Israeli military vehicles move on road near northern city of Kiryat Shmona toward Israeli-Lebanese border
Ronen Zvulun  /  Reuters
Israeli military vehicles move on a road near the northern of Kiryat Shmona toward the Israeli-Lebanese border on Wednesday.
By Martin Fletcher Correspondent
NBC News
updated 8/2/2006 2:21:21 PM ET 2006-08-02T18:21:21

NAHARIYA, Israel — The conflict in southern Lebanon was ratcheted up on Wednesday as Israel brought in more troops for a large ground invasion and Hezbollah launched a record number of rockets into Israel. NBC’s Martin Fletcher reports from northern Israel on the changing nature of the 22-day old conflict and the prospects for a cease-fire.

Israel led its deepest raid yet into southern Lebanon on Wednesday with a ground invasion involving about 10,000 troops. What is Israel’s goal now?
They are concentrating on clearing an area that they say is between five to seven kilometers wide along the entire length of the border between Israel and Lebanon, which is about 90 miles long.

So, that is a lot of work to do if that is their goal.

They have about 8,000 to 10,000 troops inside and more on the way if they are needed. They are also still waiting to see how deep they are going to go in. There is a possibility that they will go as far in as the Litani River, which is about 18 miles inside Lebanon.

There has been bitter fighting and it isn’t clear really to what extent Hezbollah is still able to function. But each day that they fire rockets, they are firing more than the last time.

The last time there were airstrikes, Hezbollah fired 150 rockets at Israel. Then they had two days without rockets — they were matching Israel’s lull in airstrikes — and then on Wednesday, Israel resumed their attacks, and Hezbollah continued their attacks as well with at least 180 rocket attacks. More than 180 Katyusha rockets in one day is a new record.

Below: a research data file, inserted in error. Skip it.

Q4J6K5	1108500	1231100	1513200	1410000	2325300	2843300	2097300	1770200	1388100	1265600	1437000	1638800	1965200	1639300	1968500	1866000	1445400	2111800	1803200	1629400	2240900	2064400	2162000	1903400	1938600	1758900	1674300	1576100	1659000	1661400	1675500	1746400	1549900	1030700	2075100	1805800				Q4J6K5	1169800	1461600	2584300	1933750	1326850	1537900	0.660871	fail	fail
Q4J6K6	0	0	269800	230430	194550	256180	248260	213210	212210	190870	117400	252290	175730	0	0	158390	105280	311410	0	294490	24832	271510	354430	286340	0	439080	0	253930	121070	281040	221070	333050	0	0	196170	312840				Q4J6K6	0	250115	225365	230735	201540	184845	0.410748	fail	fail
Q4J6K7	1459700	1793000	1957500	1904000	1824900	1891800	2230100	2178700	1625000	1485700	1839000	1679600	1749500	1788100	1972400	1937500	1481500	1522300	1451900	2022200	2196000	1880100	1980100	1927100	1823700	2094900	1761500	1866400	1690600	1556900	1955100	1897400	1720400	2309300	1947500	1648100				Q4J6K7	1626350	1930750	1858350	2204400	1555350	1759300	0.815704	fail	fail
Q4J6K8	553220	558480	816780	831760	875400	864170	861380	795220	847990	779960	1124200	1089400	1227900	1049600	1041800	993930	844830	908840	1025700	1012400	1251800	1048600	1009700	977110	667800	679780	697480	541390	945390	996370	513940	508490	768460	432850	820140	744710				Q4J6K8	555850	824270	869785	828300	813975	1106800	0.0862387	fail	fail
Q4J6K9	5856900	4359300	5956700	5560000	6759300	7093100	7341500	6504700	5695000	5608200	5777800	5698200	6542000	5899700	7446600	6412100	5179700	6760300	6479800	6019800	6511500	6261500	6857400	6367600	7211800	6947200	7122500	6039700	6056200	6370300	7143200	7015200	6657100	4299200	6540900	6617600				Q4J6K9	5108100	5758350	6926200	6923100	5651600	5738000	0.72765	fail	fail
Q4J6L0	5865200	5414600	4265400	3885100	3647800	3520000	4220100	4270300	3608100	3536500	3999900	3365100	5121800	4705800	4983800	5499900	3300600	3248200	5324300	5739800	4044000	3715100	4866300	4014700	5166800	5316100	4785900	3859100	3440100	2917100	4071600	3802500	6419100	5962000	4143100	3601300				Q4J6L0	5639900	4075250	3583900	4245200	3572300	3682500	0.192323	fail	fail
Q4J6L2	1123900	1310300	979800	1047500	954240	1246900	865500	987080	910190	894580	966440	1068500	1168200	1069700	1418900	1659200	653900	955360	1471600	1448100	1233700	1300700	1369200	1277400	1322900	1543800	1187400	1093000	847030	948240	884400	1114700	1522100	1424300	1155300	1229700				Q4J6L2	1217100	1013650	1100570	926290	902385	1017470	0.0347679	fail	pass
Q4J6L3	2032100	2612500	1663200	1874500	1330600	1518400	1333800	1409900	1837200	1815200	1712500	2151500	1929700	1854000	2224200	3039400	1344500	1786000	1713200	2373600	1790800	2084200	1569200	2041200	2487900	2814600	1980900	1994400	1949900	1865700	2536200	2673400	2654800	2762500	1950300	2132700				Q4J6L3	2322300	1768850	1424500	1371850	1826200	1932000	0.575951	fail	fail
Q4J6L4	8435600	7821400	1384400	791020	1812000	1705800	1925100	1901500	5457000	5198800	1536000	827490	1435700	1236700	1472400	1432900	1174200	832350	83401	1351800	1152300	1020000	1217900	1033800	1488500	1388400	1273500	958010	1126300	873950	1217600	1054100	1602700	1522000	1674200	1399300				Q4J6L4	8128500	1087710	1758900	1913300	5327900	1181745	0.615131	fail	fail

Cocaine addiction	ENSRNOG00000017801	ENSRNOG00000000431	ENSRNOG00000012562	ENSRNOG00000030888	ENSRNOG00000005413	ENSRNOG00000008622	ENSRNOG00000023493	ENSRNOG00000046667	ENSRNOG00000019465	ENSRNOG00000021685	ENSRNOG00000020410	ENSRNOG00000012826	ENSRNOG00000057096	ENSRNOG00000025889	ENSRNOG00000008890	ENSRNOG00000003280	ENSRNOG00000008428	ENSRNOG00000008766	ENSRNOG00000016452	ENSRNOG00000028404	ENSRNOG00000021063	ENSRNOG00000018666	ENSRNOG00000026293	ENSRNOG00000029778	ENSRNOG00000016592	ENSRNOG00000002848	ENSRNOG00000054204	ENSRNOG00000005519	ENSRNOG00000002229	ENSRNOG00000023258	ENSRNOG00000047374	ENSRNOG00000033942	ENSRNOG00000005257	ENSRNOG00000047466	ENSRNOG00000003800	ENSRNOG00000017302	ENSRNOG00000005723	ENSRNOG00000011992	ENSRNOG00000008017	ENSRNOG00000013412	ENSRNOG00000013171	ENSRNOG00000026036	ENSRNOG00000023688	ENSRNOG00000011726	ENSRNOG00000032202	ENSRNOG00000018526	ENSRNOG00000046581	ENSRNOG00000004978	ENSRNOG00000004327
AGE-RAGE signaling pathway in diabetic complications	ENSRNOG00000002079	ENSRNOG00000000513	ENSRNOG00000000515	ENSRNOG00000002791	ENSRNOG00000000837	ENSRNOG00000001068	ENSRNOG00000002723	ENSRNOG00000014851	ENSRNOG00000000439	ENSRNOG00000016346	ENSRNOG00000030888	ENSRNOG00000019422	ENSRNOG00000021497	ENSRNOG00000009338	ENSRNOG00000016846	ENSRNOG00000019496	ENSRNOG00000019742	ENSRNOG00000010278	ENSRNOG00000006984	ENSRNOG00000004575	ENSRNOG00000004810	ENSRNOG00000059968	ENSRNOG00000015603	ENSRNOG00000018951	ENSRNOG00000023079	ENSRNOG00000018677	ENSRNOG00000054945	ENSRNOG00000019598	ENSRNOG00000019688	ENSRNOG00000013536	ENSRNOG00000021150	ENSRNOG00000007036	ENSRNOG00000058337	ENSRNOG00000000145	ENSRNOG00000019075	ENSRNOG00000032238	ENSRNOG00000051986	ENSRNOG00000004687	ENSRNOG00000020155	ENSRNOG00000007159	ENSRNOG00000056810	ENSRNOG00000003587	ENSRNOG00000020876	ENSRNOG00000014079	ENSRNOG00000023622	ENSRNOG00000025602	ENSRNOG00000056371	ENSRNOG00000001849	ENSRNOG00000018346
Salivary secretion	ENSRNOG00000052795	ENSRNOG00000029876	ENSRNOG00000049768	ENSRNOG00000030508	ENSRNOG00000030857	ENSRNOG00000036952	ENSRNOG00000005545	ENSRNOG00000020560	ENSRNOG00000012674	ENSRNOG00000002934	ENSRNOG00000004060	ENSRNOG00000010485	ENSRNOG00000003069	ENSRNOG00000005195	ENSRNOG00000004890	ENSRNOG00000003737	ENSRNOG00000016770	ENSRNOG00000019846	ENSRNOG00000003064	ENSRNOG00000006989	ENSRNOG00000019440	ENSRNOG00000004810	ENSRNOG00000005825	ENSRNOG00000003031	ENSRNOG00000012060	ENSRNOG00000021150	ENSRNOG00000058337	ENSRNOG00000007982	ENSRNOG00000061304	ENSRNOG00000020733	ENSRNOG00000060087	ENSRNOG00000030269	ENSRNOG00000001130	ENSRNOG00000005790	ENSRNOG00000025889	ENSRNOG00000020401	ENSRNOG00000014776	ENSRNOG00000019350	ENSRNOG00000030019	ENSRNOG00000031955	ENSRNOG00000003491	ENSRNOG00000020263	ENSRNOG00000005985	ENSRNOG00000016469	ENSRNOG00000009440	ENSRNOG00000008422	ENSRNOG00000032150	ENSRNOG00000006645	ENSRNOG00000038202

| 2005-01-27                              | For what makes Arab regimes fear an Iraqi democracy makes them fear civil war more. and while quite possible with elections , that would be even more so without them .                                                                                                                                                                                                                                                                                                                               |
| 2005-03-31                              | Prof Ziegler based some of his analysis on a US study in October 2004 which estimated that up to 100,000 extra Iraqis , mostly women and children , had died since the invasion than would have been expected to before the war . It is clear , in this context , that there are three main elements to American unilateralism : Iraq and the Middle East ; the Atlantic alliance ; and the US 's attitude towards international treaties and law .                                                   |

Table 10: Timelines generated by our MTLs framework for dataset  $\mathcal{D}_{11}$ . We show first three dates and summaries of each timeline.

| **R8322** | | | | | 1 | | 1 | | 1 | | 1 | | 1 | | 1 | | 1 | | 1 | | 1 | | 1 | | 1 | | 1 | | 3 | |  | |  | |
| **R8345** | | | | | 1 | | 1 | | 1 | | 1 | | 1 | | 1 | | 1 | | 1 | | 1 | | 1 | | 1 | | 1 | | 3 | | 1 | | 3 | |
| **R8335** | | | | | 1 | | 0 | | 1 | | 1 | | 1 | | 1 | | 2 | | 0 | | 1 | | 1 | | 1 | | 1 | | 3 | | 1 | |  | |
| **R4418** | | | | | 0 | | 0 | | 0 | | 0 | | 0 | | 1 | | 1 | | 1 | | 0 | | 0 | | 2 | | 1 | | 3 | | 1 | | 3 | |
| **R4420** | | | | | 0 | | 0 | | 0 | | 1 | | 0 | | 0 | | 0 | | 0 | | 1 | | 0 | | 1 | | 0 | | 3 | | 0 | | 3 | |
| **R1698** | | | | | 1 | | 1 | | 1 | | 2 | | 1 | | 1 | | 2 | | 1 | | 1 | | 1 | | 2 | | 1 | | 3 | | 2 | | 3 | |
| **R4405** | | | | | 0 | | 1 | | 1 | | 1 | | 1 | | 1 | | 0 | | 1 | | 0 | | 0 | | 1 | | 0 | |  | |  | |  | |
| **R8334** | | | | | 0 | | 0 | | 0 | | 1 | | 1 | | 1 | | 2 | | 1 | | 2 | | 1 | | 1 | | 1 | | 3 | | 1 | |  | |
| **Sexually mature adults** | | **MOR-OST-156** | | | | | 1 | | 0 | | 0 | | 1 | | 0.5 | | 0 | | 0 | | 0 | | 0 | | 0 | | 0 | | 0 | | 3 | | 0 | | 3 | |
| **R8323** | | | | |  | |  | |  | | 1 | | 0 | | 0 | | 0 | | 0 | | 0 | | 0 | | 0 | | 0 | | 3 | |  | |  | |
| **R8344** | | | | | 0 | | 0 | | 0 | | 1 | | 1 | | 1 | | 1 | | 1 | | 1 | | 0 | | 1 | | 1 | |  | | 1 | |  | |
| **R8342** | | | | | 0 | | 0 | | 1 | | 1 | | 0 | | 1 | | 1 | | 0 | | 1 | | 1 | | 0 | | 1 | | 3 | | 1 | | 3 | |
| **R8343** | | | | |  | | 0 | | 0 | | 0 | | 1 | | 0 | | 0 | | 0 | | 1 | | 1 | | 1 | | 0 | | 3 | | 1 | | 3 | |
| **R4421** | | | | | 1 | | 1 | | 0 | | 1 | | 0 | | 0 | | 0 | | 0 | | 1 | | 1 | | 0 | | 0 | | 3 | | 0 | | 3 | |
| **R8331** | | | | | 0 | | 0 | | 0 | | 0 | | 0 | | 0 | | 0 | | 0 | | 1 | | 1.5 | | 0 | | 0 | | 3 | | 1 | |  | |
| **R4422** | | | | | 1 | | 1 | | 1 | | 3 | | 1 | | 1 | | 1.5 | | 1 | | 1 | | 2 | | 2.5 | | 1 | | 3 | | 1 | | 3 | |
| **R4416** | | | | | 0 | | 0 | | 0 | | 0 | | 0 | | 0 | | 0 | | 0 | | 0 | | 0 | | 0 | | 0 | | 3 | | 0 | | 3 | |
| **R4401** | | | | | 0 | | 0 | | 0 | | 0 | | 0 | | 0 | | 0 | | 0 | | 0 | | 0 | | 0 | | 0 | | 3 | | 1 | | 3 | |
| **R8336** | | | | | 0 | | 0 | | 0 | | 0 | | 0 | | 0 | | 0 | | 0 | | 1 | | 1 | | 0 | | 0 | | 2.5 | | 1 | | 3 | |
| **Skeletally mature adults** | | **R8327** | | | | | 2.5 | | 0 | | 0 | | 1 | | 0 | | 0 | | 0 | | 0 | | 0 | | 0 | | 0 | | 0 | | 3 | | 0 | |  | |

So it’s clear that although Israel is making real progress on the ground, they are still nowhere near any kind of success in terms of stopping the Katyusha rockets, which is one of the key goals of the invasion.

Is one of Israel’s goals to secure the border zone so that if and when there is a cease-fire, that can be the zone that international peace keeping troops monitor?


It’s one of the goals they mention and it’s certainly a true strategic goal — although it may not be the key goal. The main goal is to defeat Hezbollah and stop the rocket threat. 

But in order to achieve that key goal, they must succeed with what they call “clearing of the zone,” into which an international force will then go. One of the problems with an international force is that it’s not a force that is going to come in to fight Hezbollah.

One of the key obstacles to an international force is that the countries don’t want to send their troops into an area where there a potential war going on. They want to send the troops into an area where there is no real military threat.  

So, Israel says that part of its goal in clearing a security zone is to make it safer for an international force to come in and occupy it.  And the more safe it becomes — or the more Israel can defeat Hezbollah in that security zone — the safer it will be for the international troops.